Now we’ll write an import script
using our wrapper. Excel is a good medium for entering financial
data; users can enter data more quickly in Excel than in a database;
Excel builds pick lists automatically; and it’s easy to copy,
paste, and rearrange the data quickly. However, data entered in this
way isn’t always properly validated. Imagine that someone in
your organization is preparing a list of new invoices raised once a
month and emailing the data in a standardized spreadsheet. You want
to import it, validate it, get the data into double-entry format, and
save it in a
BookSet, as part of assembling
monthly management accounts. The examples for this chapter include a
spreadsheet called invoices.xls, which looks
like Figure 9.3.
You want to open this up, grab the three facts near the top, and import the matrix of cells describing the invoices. You’re not sure how many invoices to expect, so you need to count down. If it’s a cash sale (i.e., Date Raised is the same as Date Paid), create one transaction; otherwise create two: one for the bill and one for the payment. Note that some invoices are not yet paid; in this case, estimate a payment date for your forecasts and tag it as a scheduled transaction so that it can be filtered out of real accounts.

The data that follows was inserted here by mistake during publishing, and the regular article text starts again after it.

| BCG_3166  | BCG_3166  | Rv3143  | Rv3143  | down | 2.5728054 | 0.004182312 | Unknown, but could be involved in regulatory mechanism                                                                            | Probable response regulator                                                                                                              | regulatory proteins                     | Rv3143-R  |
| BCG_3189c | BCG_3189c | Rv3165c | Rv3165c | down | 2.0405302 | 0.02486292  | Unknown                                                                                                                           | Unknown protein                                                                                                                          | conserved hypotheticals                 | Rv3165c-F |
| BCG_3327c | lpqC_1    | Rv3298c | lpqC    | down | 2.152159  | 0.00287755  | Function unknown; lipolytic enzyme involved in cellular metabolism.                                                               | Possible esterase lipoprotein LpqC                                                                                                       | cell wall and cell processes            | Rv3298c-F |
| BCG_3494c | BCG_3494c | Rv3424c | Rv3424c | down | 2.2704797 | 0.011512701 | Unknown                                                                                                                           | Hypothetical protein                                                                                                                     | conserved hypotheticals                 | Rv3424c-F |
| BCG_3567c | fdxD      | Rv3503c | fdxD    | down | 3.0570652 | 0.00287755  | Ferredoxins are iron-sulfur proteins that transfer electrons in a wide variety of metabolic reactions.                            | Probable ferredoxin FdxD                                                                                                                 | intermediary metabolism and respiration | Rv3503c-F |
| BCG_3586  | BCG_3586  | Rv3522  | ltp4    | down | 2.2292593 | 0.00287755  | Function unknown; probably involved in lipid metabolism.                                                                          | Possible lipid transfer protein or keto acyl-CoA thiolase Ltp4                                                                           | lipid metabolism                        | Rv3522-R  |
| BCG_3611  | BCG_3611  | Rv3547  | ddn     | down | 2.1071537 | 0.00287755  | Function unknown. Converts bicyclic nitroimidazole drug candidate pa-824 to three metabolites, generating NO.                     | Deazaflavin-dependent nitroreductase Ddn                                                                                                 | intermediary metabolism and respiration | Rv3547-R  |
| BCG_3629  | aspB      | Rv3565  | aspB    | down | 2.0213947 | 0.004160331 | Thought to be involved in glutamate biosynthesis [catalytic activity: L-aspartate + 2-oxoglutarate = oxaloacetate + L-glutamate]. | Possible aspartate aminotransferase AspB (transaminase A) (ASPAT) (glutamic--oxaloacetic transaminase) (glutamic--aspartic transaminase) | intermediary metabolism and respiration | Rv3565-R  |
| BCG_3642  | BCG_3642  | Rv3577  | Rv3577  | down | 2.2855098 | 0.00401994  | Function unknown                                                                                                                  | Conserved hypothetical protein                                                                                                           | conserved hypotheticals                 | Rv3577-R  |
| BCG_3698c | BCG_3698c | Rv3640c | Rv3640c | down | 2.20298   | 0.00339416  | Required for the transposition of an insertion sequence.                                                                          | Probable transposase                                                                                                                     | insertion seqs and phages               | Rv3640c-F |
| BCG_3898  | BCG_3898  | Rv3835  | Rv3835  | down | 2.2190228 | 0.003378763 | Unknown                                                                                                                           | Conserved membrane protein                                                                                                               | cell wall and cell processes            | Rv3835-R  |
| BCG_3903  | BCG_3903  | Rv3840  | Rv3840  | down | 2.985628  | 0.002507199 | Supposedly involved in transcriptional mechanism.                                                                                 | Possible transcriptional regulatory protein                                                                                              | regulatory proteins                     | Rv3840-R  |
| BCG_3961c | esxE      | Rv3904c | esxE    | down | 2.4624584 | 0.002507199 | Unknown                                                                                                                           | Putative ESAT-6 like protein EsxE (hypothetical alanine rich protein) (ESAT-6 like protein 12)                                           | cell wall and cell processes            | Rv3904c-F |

The full script to do this is in the file exceldemos.py, ...